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Thanks to a good harvest and high prices, farmers are feeling optimistic

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Farm laborers harvest crops in Greenfield, California while wearing personal protective gear.

Farm laborers harvest crops in Greenfield, California while wearing personal protective gear. Brent Stirton/Getty Images

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Farming is never easy, and since last year farmers have had it even harder. The trade war with China heated up and tit-for-tat tariffs hurt U.S. agriculture exports. Then came all the chaos of the pandemic, with domestic demand disrupted, restaurants and cafeterias shutting down, and meat and fruit and vegetable processors having COVID-19 outbreaks and shutting down, too.

But as of September, farmers are feeling pretty OK.

Darius Windley has been bringing in the harvest on his small vegetable farm in northeastern Nebraska: “Tomatoes, every kind of pepper you can think of, cabbage, onion.”

The big players here are corn and soybeans. 

“These big farmers, at night it’s kinda surreal to look out over the horizon and you can see all the combines and grain trucks are running full-on,” Windley said. “I think they’ve had a pretty good harvest this year.”

A really good harvest, and prices have increased “rather dramatically since late July, particularly for soybeans,” said Michael Langemeier, an ag economist at Purdue University.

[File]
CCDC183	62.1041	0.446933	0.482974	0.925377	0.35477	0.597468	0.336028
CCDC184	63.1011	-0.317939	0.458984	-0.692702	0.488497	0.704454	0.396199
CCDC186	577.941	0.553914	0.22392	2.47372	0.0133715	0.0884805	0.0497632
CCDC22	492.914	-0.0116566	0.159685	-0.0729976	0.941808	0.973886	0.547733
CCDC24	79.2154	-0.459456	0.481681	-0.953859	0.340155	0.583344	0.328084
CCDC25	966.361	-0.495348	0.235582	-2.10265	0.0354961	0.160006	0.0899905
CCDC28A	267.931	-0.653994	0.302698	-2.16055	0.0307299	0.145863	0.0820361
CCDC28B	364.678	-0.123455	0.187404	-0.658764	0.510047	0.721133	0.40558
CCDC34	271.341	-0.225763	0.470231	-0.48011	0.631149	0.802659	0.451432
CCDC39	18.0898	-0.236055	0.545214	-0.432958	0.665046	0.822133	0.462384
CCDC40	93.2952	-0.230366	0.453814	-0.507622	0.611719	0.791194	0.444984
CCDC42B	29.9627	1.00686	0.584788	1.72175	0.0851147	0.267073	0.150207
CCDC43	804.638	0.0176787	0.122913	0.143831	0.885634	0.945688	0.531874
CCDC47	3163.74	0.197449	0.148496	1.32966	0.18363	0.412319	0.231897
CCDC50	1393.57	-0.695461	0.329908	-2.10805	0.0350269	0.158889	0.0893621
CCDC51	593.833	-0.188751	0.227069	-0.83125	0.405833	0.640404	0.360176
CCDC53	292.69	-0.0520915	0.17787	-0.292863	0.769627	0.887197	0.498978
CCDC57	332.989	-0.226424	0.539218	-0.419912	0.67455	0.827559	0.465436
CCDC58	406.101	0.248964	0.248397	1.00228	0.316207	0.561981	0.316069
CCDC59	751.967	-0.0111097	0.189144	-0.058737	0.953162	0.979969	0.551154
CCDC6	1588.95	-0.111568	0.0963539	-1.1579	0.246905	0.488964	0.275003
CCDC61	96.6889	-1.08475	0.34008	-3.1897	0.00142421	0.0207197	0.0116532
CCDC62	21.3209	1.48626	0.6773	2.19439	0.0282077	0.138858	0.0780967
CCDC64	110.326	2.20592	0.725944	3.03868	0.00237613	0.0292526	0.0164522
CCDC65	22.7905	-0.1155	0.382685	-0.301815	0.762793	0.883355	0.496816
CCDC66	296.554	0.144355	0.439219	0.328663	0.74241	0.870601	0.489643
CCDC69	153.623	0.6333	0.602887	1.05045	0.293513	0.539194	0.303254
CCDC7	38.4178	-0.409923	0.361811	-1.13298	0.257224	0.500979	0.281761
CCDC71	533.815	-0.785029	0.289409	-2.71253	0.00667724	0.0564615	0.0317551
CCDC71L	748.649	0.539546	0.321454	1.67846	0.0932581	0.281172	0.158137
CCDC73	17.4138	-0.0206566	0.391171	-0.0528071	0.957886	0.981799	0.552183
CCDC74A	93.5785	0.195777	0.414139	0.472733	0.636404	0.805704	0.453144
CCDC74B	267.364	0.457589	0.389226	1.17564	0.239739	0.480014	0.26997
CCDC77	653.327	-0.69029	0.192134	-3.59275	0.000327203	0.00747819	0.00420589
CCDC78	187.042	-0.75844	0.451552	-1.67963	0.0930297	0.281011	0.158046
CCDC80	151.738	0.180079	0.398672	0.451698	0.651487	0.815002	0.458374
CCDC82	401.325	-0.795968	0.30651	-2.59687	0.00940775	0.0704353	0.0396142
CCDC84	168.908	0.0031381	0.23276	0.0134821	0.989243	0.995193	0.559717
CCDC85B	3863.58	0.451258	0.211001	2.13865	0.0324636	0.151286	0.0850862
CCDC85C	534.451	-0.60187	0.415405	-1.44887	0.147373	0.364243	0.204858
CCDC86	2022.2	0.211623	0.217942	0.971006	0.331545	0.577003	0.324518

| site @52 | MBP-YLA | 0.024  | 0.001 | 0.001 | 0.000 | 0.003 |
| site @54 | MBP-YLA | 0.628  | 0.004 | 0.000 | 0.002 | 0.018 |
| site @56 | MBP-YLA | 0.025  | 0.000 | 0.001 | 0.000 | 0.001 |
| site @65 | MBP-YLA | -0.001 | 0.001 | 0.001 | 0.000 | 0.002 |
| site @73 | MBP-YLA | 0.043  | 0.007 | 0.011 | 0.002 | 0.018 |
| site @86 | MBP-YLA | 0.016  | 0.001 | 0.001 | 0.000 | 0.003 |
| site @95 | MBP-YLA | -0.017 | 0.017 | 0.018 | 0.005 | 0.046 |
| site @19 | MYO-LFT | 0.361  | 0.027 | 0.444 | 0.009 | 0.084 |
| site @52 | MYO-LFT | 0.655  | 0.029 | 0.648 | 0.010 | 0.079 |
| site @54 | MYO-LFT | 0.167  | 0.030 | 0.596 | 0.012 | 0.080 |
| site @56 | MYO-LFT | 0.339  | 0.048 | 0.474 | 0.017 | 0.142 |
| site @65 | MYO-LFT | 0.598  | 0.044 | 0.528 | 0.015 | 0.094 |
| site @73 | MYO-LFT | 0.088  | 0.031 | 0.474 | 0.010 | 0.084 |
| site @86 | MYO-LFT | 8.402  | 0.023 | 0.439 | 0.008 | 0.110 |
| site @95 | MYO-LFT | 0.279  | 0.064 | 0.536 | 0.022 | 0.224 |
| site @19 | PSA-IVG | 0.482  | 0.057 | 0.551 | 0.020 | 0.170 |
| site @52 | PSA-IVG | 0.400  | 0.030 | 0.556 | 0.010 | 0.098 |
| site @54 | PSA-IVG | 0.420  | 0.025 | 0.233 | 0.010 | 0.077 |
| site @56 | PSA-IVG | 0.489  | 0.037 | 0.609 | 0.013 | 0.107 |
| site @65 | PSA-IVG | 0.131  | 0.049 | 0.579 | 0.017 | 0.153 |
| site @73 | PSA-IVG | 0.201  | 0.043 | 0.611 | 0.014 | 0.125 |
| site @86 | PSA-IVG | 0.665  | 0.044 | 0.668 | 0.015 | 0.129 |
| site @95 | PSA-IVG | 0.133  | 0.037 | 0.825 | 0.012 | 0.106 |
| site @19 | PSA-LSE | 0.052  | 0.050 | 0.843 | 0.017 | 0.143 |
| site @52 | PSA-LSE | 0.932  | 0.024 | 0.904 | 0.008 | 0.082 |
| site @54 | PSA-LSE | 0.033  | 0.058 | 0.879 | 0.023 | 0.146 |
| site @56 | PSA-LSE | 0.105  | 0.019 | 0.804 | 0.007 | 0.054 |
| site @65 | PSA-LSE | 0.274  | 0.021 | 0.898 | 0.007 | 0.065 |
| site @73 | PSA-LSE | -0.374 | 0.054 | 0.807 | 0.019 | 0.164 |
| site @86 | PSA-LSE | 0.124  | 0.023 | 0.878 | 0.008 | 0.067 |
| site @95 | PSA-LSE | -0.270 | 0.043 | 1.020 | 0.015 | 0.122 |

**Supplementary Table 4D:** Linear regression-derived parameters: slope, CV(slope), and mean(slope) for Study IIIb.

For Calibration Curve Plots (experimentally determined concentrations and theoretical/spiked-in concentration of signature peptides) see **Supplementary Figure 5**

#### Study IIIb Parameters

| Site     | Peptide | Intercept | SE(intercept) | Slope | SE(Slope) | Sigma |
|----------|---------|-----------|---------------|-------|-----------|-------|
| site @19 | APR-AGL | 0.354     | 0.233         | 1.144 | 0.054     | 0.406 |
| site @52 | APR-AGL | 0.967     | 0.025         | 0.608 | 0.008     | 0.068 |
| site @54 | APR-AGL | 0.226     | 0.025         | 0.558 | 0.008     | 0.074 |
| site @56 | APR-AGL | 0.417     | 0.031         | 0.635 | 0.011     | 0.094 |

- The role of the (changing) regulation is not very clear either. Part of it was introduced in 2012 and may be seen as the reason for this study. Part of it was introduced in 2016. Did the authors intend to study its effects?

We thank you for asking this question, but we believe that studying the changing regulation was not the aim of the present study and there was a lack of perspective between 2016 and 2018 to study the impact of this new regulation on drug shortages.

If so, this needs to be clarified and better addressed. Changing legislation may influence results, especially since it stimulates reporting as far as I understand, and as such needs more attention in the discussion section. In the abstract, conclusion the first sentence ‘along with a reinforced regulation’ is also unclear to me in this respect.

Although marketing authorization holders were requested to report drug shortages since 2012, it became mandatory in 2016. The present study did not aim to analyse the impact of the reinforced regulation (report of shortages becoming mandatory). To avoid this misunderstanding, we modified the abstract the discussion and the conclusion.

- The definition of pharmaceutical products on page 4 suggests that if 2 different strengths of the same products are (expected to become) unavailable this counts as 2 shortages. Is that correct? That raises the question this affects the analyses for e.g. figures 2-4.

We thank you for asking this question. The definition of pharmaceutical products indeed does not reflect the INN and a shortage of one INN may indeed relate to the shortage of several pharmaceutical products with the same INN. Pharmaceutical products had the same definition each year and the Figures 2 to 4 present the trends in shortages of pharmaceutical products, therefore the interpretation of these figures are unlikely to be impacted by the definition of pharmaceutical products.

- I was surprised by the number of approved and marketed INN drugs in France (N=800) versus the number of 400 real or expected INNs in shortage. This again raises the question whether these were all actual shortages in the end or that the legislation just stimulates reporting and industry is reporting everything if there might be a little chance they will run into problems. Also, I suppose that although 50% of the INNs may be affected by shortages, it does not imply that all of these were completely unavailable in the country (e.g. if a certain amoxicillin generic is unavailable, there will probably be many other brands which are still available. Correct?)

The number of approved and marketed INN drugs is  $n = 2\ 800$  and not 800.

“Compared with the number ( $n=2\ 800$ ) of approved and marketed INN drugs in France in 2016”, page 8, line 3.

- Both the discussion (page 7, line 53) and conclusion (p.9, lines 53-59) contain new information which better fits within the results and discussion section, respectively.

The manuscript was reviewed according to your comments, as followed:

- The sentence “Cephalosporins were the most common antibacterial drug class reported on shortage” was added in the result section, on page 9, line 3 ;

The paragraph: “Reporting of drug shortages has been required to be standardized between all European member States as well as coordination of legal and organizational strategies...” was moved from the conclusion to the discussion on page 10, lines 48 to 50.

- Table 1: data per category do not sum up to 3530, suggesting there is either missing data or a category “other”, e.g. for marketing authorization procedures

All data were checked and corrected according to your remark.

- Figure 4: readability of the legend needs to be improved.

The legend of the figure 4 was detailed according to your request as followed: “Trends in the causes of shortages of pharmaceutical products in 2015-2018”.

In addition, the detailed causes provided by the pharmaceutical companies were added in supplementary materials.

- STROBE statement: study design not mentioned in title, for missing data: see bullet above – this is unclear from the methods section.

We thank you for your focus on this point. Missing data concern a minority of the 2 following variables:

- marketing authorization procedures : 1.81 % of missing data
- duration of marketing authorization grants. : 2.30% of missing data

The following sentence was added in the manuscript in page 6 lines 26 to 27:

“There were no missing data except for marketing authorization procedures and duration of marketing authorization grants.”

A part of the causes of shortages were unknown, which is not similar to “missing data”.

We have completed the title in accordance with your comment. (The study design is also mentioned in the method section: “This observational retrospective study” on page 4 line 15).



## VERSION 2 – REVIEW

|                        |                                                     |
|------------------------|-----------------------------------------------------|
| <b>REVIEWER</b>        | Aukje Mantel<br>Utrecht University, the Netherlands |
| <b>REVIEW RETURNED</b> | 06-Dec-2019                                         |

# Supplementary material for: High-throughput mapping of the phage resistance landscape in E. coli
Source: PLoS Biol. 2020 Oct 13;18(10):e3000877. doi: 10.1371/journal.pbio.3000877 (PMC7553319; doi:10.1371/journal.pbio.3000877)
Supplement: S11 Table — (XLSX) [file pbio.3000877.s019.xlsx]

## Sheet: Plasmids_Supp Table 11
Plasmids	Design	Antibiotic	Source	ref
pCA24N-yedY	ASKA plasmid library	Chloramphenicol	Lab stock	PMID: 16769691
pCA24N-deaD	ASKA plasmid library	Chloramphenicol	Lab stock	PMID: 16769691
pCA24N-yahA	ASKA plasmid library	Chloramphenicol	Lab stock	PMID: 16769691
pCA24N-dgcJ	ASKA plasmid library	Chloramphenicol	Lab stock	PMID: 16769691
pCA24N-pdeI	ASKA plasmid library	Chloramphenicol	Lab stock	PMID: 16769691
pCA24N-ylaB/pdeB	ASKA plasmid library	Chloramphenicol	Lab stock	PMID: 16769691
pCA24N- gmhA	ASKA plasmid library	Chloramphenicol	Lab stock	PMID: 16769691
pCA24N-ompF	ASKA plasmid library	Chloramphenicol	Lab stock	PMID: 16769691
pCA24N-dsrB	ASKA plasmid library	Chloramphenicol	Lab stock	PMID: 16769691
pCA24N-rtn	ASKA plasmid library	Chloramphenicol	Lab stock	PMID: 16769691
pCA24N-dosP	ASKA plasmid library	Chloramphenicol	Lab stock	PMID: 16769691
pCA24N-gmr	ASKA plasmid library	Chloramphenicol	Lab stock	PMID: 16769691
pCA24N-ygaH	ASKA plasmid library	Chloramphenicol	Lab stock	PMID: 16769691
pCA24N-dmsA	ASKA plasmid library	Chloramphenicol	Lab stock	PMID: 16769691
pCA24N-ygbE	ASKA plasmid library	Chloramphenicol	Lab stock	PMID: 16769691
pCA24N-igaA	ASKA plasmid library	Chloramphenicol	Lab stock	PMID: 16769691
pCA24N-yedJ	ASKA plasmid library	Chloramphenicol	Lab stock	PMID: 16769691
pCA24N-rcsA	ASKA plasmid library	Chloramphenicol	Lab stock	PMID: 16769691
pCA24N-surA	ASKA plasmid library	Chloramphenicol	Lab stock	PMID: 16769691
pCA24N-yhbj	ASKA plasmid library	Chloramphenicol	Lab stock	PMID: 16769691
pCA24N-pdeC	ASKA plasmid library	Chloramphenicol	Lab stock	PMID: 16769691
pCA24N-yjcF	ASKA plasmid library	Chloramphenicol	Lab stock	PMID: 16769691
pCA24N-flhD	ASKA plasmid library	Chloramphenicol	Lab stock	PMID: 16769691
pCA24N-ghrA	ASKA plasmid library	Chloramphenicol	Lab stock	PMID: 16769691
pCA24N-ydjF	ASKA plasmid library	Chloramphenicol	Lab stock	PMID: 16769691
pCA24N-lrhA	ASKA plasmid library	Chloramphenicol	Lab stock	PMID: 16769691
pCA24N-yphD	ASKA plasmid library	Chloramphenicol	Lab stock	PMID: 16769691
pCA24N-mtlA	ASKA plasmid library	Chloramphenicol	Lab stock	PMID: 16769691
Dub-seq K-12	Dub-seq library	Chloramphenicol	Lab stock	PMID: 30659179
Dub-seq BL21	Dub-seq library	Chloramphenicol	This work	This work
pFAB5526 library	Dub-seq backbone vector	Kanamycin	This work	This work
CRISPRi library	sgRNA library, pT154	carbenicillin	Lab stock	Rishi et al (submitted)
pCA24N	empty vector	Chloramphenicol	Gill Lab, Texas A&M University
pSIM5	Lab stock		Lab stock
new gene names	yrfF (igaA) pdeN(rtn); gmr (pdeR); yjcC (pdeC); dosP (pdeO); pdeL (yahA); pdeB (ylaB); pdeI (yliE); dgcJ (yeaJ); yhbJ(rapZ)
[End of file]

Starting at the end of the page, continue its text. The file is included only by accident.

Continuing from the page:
He said that’s one reason optimism among farmers is up to the highest level since the pandemic hit, according to Purdue’s latest survey.

The Purdue University-CME Group Ag Economy Barometer, which measures farmers’ optimism, reached its highest level since the pandemic began. (Courtesy Purdue University)

Another reason optimism is up is that the USDA’s about to send farmers $14 billion in COVID-19 relief payments, on top of the $16 billion given back in the spring.

“Over 35% of net farm income is estimated to come from government payments this year,” Langemeier said.

Then there’s China. It’s now ramping up ag imports from the U.S. under the latest trade deal, said Arun Sundaram, equity research analyst at CFRA Research.

“China is importing a lot of chicken, beef and pork,” he said.

Now, farmers have had problems: The derecho windstorm in Iowa hurt grain crops there and California’s wildfires have hurt some wineries, University of California, Davis ag economist Daniel Sumner said.

“[In] the iconic Napa Valley, the smoke taint is a serious loss to grapes that are immensely expensive,” he said.

Those grapes cost $9,000 a ton compared to $450 a ton for regular California wine grapes, and they make wine that’ll cost you $200 to $300 a bottle, according to Sumner.  

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